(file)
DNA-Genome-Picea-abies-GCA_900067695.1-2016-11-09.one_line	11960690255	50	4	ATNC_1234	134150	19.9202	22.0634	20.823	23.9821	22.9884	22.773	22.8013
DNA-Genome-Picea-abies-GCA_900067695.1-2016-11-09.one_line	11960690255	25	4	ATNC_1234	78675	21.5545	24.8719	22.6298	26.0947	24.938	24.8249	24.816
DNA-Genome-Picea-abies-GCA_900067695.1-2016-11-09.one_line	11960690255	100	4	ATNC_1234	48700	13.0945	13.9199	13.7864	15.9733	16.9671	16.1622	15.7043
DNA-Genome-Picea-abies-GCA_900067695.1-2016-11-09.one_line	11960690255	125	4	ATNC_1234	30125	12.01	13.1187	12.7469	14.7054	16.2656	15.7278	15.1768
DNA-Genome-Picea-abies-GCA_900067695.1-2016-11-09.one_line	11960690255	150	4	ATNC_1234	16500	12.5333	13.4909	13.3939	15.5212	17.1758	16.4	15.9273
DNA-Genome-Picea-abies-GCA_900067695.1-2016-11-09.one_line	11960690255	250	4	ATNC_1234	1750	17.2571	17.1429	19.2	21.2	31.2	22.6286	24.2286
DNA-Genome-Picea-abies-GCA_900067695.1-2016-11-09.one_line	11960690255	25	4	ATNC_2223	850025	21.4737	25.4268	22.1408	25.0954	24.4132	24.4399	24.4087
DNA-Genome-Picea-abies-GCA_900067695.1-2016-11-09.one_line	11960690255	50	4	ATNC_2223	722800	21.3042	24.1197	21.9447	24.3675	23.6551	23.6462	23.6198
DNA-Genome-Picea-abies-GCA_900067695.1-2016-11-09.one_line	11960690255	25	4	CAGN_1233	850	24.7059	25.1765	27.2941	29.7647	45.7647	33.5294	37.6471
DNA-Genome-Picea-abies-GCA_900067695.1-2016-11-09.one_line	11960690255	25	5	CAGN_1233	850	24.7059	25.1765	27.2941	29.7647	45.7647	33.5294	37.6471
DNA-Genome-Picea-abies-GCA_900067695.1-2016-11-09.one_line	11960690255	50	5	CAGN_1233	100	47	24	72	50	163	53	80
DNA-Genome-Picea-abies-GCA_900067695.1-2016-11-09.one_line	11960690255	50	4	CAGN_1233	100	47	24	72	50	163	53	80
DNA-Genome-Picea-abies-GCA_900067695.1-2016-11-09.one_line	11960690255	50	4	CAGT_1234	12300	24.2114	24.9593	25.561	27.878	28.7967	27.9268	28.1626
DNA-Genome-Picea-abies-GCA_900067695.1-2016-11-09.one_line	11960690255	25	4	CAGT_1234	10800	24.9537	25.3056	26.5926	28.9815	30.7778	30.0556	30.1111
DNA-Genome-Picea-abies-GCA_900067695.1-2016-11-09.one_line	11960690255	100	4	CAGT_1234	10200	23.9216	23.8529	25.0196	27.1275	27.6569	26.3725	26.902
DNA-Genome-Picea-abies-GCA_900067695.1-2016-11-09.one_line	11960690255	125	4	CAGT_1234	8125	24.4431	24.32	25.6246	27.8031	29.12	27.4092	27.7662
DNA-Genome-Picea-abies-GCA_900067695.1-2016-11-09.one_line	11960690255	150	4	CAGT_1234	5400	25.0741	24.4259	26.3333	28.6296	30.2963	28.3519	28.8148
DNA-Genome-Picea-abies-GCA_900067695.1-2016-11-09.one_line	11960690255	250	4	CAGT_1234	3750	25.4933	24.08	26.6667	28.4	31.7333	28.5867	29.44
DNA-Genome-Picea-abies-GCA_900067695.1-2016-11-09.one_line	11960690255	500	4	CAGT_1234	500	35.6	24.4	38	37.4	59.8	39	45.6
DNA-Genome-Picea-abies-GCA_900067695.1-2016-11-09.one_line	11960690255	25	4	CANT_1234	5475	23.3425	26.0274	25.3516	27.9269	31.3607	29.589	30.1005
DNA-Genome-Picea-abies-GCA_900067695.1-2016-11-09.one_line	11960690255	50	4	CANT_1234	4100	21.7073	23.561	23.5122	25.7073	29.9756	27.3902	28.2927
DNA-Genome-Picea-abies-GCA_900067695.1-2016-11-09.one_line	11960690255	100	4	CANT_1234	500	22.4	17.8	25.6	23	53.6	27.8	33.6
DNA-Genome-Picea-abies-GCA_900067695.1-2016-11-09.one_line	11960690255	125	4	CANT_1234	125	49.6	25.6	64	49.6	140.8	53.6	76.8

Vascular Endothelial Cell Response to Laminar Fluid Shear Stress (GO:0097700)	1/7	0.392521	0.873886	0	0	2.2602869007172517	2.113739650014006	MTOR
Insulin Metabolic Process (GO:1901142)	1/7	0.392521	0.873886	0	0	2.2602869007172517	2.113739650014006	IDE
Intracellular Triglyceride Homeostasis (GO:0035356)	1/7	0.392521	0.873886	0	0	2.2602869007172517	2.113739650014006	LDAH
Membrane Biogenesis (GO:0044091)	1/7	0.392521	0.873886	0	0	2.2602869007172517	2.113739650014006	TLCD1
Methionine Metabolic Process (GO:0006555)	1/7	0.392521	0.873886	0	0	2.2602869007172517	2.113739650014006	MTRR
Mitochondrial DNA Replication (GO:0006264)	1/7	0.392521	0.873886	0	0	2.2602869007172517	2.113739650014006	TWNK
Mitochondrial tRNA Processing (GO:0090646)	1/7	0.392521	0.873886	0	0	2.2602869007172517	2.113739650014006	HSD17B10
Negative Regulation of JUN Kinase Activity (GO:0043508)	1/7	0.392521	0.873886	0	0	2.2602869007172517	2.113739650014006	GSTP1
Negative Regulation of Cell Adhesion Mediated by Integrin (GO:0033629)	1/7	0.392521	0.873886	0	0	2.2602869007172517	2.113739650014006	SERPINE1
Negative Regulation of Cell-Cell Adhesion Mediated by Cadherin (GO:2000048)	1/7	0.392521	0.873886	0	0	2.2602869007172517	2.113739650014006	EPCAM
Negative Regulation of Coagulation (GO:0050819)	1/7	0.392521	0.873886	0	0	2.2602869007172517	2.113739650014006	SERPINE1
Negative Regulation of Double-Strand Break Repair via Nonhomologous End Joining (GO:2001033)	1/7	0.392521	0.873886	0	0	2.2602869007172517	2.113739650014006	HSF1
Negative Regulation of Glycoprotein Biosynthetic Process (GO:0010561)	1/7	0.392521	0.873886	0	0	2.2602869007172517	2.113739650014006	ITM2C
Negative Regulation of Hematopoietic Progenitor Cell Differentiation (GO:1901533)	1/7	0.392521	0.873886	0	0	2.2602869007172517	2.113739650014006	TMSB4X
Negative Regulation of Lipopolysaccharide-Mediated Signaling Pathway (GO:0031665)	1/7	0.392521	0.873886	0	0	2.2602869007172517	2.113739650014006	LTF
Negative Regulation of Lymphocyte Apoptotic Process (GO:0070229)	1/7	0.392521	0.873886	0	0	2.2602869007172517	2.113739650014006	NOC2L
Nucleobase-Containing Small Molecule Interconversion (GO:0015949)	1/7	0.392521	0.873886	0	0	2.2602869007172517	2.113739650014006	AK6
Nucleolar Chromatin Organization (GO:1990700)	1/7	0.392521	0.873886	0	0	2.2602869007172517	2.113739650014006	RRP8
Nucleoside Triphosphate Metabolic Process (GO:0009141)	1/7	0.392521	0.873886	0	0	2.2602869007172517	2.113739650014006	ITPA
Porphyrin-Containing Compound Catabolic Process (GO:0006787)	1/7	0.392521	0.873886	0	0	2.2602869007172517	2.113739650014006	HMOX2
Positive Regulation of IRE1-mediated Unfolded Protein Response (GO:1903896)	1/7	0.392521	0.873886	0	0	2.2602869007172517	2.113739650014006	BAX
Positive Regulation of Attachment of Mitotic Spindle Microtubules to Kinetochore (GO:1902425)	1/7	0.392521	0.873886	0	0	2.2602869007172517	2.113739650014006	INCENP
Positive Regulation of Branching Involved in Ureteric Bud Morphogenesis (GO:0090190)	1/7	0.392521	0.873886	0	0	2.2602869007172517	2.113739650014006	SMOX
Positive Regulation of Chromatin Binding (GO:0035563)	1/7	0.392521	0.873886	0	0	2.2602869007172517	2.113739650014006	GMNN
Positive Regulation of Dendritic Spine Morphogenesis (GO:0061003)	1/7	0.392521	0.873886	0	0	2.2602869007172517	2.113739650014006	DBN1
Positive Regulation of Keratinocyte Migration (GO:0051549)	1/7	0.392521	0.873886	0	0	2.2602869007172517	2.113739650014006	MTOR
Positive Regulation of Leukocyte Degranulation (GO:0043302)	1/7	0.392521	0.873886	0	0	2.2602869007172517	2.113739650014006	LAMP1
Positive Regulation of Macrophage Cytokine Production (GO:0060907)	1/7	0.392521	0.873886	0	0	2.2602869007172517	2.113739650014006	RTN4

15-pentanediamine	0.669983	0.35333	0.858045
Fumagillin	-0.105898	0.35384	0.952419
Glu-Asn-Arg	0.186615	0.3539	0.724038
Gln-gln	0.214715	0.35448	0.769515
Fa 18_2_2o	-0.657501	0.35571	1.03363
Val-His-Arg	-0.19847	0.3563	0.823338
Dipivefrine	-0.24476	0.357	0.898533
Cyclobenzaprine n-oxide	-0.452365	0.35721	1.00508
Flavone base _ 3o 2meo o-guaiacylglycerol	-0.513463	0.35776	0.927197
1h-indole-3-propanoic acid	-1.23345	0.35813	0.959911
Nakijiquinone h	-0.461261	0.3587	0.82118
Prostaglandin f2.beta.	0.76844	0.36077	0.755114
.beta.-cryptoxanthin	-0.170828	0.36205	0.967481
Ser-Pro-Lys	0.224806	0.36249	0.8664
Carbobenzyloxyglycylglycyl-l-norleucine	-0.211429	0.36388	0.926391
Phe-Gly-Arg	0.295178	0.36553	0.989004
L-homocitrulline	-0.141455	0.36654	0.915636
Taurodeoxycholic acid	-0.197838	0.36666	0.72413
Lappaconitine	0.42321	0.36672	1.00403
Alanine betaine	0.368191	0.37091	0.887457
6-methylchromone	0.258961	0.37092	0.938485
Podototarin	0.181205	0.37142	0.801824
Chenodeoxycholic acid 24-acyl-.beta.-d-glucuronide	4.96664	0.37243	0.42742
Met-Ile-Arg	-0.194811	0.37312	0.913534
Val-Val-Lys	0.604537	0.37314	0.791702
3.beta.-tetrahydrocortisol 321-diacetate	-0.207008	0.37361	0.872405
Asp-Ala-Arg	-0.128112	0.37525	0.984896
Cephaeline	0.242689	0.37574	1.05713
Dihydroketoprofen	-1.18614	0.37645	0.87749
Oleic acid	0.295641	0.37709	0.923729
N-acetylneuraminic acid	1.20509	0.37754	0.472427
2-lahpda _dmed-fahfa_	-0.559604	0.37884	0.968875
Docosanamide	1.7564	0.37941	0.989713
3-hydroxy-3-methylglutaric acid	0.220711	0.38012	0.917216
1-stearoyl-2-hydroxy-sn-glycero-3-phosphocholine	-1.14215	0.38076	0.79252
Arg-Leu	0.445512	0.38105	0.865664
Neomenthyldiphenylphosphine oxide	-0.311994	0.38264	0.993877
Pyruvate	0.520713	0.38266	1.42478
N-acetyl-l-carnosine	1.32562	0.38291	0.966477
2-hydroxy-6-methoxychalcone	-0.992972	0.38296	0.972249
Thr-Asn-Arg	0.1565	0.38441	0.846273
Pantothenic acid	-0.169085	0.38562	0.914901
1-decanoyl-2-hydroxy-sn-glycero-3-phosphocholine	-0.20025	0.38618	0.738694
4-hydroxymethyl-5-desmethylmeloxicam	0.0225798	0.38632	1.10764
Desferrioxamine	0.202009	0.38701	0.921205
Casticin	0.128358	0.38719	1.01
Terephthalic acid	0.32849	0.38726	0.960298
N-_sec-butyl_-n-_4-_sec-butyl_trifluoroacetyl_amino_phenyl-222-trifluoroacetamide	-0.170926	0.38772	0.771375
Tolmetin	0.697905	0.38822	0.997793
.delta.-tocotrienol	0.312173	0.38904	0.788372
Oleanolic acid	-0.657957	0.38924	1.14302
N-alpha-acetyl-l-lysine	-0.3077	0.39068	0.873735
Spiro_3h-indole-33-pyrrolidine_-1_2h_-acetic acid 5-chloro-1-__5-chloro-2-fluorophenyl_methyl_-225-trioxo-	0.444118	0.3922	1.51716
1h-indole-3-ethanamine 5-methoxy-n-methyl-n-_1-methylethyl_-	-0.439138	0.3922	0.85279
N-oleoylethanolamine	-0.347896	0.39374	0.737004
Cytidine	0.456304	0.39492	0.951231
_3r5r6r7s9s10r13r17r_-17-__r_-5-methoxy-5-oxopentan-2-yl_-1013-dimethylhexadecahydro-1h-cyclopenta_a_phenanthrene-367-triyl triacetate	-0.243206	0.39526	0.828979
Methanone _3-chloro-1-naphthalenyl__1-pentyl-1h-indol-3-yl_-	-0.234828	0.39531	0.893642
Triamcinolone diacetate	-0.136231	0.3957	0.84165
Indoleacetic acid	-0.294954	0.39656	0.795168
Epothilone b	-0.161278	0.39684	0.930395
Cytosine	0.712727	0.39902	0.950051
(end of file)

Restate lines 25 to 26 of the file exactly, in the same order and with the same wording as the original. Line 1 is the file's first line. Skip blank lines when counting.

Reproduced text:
Insulin Metabolic Process (GO:1901142)	1/7	0.392521	0.873886	0	0	2.2602869007172517	2.113739650014006	IDE
Intracellular Triglyceride Homeostasis (GO:0035356)	1/7	0.392521	0.873886	0	0	2.2602869007172517	2.113739650014006	LDAH